The Palmetto Insider

The blog of the South Carolina Policy Council

How to Eliminate the State Gas Tax

with 3 comments

As discussed previously on The Nerve, the proposed House budget raids state highway funds to balance the General Fund budget.

The transfer in question is curious for two reasons. First, it shows how state lawmakers are using federal stimulus dollars to keep spending high on other – non-essential – programs. Thanks to the stimulus, federal funding currently accounts for 55 percent ($800 million) of transportation spending ($1.4 billion for FY09-2010) in South Carolina. This number is about 80 percent higher than usual because federal funds ordinarily account for about 30 percent of overall highway funding.

Second, it raises questions about recent calls to increase the state’s gas tax. As reported today, former SCDOT Commission Chair Henry Taylor believes the tax should be increased. This is hardly newsworthy, though – akin to saying: “Former state bureaucrat thinks his agency needs more money.”

Of more interest are two comments made by Taylor:

1)      That state lawmakers might consider a usage tax based on miles driven.

2)      That Florida has better roads than South Carolina.

As it turns out, these two ideas are connected. A new fact sheet issued today by the Policy Council looks at how public-private partnerships (PPPs) could be used to save millions in road construction costs, as well as complete undone road projects. One of the key reforms envisioned by the program is to shift financing of roads away from the gas tax (forget raising the tax – experts think we should eliminate it) – and rely instead on asking consumers to only pay for the roads they use.

As for Florida, our neighbor to the south (along with 25 other states) is already using such PPPs to great effect – saving millions, reducing time and cost overruns, and completing previously undone projects. The lesson: free market reform beats tax increases any day.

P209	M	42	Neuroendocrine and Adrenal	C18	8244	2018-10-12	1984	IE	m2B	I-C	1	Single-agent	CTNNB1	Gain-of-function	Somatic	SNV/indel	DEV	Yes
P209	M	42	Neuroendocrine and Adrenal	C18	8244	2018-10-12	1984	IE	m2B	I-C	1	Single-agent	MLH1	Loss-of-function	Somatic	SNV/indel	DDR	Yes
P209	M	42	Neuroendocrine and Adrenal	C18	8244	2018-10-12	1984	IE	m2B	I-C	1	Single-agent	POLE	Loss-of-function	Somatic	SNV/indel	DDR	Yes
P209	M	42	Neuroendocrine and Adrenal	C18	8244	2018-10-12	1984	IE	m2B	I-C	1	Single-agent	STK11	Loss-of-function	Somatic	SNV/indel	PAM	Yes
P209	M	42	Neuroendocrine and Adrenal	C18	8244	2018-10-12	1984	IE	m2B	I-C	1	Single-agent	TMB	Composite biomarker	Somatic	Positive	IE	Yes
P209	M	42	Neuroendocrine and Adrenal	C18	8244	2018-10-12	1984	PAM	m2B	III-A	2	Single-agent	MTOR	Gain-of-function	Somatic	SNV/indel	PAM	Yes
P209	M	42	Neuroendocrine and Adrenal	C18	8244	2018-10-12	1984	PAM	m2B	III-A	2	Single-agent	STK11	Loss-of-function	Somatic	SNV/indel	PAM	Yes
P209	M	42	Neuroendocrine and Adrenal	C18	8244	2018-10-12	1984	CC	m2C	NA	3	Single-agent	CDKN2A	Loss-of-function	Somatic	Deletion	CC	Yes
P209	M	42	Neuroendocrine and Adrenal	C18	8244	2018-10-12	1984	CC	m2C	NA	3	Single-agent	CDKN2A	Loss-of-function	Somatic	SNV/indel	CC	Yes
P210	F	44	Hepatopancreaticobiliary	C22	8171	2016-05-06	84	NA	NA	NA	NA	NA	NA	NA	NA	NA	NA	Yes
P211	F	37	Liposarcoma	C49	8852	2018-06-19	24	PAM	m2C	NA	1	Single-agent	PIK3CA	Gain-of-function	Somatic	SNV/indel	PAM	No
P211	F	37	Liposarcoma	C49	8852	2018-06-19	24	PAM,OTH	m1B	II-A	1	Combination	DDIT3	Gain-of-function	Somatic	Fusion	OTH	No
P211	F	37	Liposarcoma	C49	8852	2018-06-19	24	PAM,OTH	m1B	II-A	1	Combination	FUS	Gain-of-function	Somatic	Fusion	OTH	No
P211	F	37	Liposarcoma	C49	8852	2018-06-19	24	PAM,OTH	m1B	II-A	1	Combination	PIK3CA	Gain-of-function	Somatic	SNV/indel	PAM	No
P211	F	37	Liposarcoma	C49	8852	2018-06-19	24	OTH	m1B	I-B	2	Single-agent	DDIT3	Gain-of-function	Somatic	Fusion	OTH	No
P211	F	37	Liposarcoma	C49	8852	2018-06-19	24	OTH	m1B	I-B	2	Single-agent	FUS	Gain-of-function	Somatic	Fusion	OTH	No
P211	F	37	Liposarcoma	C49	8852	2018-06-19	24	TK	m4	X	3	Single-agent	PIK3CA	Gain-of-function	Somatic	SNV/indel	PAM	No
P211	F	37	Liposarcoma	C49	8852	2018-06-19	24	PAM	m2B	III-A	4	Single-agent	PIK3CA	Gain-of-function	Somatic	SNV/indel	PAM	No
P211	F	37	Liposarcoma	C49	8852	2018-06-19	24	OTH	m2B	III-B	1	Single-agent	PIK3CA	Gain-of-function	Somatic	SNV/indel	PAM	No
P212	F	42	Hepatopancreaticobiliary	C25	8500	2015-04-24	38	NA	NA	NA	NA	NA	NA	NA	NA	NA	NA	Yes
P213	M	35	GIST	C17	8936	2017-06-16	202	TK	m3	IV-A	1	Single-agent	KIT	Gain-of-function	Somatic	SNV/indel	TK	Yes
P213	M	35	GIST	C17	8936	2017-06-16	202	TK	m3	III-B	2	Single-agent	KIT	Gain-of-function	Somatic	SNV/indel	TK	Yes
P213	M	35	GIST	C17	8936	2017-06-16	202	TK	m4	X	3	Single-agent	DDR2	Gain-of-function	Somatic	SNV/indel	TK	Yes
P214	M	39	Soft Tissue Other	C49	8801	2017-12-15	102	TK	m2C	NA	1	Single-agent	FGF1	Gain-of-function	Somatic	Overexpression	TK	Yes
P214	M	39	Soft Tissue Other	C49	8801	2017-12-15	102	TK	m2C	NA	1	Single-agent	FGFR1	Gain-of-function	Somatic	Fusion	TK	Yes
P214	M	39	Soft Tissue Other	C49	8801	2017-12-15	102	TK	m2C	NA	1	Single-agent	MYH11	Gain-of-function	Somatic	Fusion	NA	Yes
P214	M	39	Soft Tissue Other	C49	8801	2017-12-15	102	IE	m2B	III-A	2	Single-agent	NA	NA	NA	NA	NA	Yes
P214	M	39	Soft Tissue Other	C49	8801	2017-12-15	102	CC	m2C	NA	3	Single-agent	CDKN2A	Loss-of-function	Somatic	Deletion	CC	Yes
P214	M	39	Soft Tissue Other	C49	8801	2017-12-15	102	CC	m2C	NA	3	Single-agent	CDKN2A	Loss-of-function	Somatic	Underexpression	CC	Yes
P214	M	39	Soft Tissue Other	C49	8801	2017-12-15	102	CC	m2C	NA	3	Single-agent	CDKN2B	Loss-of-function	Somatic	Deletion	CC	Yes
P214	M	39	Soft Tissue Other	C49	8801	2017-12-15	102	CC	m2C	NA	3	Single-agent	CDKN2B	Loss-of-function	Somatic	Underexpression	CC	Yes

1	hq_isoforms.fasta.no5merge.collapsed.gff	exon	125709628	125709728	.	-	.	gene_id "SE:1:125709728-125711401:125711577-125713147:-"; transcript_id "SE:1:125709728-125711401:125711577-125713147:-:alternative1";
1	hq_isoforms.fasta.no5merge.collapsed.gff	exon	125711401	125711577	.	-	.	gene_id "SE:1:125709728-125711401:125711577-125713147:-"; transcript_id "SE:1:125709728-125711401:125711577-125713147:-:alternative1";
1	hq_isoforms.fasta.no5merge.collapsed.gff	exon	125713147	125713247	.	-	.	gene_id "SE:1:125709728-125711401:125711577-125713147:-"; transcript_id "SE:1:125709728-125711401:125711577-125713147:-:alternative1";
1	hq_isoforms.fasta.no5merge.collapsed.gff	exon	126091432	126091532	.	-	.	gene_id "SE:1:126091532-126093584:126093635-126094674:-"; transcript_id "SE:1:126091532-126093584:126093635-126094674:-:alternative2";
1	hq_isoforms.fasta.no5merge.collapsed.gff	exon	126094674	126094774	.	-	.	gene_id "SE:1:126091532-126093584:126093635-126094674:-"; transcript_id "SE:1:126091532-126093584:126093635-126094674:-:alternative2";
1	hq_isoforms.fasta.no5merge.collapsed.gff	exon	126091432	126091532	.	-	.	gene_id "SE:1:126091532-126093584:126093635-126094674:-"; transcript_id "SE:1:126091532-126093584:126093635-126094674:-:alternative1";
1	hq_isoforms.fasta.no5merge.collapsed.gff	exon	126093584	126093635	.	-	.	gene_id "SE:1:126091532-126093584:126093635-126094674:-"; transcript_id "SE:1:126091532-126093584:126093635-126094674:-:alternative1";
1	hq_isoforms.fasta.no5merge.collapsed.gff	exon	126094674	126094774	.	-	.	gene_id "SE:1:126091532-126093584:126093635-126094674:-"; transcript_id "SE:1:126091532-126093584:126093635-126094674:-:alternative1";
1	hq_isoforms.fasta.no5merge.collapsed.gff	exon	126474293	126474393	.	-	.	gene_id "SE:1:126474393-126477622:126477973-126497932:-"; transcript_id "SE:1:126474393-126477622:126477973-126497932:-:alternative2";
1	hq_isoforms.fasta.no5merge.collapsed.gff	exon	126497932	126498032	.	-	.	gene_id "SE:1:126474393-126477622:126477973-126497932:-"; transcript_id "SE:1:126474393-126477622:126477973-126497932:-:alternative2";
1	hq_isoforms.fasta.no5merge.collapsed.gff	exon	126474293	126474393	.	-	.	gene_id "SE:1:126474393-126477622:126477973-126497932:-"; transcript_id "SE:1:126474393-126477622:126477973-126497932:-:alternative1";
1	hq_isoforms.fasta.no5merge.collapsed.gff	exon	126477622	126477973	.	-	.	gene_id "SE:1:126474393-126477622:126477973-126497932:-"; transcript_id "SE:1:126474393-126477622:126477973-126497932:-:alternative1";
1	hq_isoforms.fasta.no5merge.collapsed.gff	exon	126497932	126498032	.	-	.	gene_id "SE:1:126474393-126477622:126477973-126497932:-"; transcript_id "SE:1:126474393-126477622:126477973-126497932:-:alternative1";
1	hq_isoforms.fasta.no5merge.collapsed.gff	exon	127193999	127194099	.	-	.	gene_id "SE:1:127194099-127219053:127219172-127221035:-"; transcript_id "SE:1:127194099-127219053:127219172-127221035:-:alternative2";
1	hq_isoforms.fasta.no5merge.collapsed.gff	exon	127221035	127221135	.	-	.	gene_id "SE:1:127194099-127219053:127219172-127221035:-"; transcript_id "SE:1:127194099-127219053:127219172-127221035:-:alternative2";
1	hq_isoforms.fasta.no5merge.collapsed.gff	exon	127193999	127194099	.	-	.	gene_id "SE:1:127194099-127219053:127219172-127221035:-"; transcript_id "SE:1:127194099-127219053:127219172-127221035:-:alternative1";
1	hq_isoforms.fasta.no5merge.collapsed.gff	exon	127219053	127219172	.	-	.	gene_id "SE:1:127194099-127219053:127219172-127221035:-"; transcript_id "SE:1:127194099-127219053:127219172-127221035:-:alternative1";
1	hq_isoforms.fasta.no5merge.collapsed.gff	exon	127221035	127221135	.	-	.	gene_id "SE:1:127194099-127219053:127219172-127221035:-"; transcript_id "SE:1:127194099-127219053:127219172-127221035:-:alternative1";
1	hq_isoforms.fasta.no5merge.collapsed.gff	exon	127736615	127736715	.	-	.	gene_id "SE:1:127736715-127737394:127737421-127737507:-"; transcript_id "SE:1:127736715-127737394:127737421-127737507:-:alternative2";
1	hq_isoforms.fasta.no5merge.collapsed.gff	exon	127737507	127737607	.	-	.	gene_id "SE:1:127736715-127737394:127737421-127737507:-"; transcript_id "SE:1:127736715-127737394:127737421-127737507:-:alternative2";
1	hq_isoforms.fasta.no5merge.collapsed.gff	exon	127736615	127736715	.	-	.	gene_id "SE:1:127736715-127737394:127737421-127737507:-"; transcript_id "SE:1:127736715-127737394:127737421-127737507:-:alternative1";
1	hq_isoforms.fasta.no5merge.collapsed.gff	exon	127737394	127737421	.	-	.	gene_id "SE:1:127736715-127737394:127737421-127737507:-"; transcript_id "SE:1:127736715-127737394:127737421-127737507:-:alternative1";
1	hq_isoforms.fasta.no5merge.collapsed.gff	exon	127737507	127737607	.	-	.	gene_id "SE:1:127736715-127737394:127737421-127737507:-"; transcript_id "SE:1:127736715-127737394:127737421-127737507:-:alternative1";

Written by Jameson Taylor

March 22, 2010 at 2:56 pm

3 Responses

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  1. Yes, that has worked so well with the Southern Connector….great idea.


    March 22, 2010 at 8:16 pm

  2. Dick,
    Thanks very much for your comment. You raise a point of concern that is often stressed about PPPs. But there is a vital difference between the Greenville project and the new bill. The Southern Connector was established as a non-profit project. In these circumstances, the private partner has no risk or stake in the project — and if projections are too risky upfront, this results in defaulting on the project. All of the privatization projects setup under this model have failed. Read more here:

    I’d encourage you to read our legislative fact sheet listed above on best practices for PPPs and the advantages they can offer. Please don’t hesitate to contact if you have any further questions.

    Geoff Pallay

    March 24, 2010 at 9:32 am

  3. Purpose of partnerships
    The expansion of United Nations partnerships is expected to avert the failure experienced by the League of Nations — the forerunner of the United Nations. As Melinda Kimble, Senior Vice President of the United Nations Foundation said in her June 29, 2004 “Public-Private Partnerships and the United Nations” statement: “It is currently popular to talk about public-private partnerships as a new mechanism to advance the work and support the core goals of the United Nations.

    This assumption, like many others, ignores the number of public-private partnerships that supported this institution since the inception. At the outset, there was broad recognition that civil society, especially in the Western democracies, needed to be actively engaged in building this new institution, if it were to withstand potential political attacks that contributed to the failure of the League of Nations. The concept of national United Nations Associations (UNAs) was born.” (ECOSOC 2004 High Level Segment, HLS Plenary Debate, 6-29-2004)

    International developments place education input beyond the reach of parents, educators, and elected officials. The citizens who fund education and send their children to public and private schools are being stripped of decision making as UNESCO and UNESCO’s partners set global education standards and content for courses, assessments, and teacher training.


    April 6, 2010 at 6:50 am

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